Originally Posted by

**eXist** Well the problem reads: Suppose $\displaystyle f: (a, b) \rightarrow R$ and $\displaystyle \lim_{x\to\infty}f(x_n)$ exists for every sequence $\displaystyle x_n$ (where n goes from $\displaystyle 1 \to \infty$) in $\displaystyle (a, b)$ such that $\displaystyle \lim_{x\to\infty}x_n = a$. Prove that $\displaystyle \lim_{x\to a^+}f(x_n)$ exists.

I'm going to assume that $\displaystyle \lim_{x\to a^+}f(x_n)$ does not exist and prove it by contradiction. So then we still have $\displaystyle \lim_{x\to\infty}x_n = a$. But since the sequence $\displaystyle x_n$ lies in the interval $\displaystyle (a, b)$ the $\displaystyle \lim_{x\to\infty}x_n = a$ can't exist because we assumed that right hand limit: $\displaystyle \lim_{x\to a^+}f(x_n)$ does not exist, so the limit as anything approaches a in the interval $\displaystyle (a, b)$ can't exist. But that is a contradiction since we are given $\displaystyle \lim_{x\to\infty}x_n = a$.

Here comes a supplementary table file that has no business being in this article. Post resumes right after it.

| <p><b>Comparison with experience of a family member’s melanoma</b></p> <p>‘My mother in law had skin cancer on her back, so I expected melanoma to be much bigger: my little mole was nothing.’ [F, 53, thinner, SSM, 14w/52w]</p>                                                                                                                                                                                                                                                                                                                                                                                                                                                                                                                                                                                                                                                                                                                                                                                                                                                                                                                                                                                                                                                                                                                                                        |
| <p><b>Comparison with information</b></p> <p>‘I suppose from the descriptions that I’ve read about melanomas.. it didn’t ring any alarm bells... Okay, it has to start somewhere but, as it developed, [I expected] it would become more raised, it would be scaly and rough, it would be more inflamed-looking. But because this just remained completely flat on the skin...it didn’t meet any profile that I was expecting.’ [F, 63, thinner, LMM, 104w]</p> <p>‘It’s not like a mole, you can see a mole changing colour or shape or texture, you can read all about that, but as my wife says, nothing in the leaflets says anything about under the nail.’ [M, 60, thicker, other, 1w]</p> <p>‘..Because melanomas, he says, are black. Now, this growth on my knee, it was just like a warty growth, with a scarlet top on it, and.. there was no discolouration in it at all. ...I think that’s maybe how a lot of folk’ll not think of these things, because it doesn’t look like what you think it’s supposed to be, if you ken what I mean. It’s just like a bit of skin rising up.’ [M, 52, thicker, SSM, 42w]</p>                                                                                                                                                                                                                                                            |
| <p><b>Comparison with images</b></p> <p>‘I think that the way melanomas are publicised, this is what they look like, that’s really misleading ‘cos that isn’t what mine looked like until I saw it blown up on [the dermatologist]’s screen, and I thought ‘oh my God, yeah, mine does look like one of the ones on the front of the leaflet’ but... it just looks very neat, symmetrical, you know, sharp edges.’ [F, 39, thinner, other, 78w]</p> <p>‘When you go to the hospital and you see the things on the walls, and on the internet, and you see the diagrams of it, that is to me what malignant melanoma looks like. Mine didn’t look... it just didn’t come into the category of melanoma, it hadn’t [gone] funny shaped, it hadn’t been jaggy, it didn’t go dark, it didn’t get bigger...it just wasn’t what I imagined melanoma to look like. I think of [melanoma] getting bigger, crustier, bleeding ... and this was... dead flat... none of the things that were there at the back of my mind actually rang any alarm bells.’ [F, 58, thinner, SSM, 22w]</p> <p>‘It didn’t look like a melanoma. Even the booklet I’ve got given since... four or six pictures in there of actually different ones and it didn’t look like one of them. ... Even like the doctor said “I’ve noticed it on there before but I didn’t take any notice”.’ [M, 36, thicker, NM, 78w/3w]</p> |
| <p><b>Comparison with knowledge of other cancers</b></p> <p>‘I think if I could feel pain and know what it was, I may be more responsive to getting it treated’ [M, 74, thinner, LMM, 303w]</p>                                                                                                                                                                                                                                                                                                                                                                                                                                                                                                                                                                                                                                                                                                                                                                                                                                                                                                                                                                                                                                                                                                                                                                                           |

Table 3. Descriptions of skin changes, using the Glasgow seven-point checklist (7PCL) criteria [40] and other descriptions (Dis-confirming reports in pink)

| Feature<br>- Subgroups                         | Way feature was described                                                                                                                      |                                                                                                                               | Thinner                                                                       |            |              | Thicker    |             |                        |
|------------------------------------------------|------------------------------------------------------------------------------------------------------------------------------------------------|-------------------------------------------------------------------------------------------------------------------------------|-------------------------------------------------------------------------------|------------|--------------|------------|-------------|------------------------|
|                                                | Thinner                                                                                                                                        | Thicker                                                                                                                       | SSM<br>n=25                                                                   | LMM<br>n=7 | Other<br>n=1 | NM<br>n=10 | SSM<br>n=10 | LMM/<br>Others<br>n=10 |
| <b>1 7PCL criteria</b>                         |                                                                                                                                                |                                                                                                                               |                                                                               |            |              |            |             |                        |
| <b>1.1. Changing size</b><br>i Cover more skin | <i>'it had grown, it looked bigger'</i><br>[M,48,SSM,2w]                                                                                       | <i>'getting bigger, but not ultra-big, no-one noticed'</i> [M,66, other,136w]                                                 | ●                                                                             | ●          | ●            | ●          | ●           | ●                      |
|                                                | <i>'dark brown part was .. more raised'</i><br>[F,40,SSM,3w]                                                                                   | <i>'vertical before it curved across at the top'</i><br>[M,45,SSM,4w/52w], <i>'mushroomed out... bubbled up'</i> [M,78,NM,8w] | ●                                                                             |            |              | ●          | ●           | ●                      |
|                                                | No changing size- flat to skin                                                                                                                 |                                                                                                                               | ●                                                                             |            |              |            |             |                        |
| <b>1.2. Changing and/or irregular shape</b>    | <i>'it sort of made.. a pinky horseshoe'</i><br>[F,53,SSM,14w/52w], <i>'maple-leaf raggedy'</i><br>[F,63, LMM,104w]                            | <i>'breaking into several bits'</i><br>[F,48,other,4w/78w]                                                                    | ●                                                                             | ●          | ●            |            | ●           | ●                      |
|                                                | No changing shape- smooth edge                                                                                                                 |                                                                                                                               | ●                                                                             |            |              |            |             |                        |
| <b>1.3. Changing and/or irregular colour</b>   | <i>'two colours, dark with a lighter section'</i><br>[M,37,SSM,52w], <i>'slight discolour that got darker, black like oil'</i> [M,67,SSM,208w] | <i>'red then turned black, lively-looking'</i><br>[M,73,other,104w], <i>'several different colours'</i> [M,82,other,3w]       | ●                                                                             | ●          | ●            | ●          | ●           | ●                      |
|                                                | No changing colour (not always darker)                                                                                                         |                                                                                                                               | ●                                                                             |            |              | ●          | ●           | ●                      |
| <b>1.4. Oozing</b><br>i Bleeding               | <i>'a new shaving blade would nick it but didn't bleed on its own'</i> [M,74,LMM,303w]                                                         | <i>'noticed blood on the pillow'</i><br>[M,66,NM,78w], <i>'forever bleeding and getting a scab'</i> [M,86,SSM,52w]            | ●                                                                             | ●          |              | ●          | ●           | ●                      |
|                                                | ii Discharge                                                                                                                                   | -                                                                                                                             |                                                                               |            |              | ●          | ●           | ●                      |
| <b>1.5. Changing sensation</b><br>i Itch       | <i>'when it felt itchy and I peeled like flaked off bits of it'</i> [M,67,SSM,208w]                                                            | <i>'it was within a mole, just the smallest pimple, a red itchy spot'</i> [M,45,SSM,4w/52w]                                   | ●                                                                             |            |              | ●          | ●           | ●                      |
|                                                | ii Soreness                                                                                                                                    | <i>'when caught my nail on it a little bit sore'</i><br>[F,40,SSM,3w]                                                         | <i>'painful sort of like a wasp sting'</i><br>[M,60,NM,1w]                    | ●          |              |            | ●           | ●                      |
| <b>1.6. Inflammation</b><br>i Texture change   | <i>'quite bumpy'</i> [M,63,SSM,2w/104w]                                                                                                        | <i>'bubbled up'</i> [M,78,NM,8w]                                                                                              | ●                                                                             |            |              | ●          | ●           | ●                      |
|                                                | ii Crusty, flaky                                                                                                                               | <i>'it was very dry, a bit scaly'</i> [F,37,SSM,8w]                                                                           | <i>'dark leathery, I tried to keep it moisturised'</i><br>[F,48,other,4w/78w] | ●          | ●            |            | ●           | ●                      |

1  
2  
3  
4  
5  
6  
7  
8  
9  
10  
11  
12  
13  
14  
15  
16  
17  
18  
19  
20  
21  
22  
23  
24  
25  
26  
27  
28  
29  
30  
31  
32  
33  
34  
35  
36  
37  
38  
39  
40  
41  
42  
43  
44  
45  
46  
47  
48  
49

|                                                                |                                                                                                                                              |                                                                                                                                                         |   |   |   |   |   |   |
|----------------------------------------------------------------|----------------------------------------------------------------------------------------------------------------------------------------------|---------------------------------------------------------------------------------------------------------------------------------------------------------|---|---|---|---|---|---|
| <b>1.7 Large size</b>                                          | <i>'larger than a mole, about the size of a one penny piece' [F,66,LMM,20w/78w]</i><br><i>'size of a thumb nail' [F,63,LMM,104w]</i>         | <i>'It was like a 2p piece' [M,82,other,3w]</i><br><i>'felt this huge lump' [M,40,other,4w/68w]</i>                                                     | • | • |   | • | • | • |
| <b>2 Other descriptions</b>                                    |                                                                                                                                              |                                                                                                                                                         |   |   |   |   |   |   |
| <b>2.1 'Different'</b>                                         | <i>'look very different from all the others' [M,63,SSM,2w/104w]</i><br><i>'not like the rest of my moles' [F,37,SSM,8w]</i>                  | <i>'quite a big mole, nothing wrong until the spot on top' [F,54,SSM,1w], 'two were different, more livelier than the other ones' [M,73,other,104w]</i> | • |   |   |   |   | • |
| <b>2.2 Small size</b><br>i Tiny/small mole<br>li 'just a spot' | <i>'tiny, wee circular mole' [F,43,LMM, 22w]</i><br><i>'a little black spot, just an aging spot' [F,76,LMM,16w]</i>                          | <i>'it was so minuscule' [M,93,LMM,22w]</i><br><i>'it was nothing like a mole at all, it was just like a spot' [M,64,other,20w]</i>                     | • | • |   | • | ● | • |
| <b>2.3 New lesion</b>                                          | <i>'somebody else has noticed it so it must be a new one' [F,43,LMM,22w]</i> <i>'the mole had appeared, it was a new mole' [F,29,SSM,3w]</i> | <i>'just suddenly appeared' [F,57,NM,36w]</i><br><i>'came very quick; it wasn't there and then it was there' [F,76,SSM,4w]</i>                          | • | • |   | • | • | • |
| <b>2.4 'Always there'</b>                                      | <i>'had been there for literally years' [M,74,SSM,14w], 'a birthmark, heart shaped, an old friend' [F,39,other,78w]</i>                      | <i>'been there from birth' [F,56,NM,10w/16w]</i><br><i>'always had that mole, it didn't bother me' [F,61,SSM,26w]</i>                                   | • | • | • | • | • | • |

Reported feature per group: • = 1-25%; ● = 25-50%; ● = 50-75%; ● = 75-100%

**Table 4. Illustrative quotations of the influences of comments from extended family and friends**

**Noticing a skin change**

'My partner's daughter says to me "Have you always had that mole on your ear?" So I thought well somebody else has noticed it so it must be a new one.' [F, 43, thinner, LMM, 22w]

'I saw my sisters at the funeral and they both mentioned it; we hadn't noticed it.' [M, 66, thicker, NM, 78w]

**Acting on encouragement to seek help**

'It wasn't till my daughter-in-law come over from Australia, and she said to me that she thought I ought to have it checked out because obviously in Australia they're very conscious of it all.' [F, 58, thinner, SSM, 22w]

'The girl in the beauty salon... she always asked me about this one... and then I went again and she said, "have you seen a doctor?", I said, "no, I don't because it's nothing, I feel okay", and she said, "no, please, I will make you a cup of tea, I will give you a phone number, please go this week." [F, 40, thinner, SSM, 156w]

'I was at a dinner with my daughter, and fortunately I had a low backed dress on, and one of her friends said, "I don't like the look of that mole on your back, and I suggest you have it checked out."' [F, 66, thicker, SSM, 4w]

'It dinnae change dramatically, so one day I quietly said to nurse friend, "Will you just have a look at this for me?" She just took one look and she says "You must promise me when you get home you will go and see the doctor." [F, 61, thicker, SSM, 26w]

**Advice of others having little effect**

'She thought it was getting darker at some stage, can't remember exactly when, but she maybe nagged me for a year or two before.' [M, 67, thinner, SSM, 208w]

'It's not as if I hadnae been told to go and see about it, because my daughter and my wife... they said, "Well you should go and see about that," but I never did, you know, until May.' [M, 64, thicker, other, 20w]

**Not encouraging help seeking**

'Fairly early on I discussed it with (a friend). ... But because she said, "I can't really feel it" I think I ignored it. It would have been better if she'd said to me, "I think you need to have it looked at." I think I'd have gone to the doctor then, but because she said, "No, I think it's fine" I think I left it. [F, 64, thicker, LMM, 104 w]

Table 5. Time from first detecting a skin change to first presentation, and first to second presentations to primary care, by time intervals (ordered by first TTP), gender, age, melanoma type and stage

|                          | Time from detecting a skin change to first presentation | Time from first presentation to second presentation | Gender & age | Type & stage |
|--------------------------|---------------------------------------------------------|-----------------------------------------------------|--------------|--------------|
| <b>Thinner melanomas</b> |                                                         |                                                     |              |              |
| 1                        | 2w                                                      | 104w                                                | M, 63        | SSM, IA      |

I'm not sure if this is right because it seems a little short. Can someone let me know if this is the right approach? Thanks, Chad.

Edit: Maybe I have to use Bolzano-Weierstrass and say that $\displaystyle x_n$ has a convergent sub sequence that tends to a as x approaches infinity, not really sure that makes a difference though since we already have a sequence that converges to a.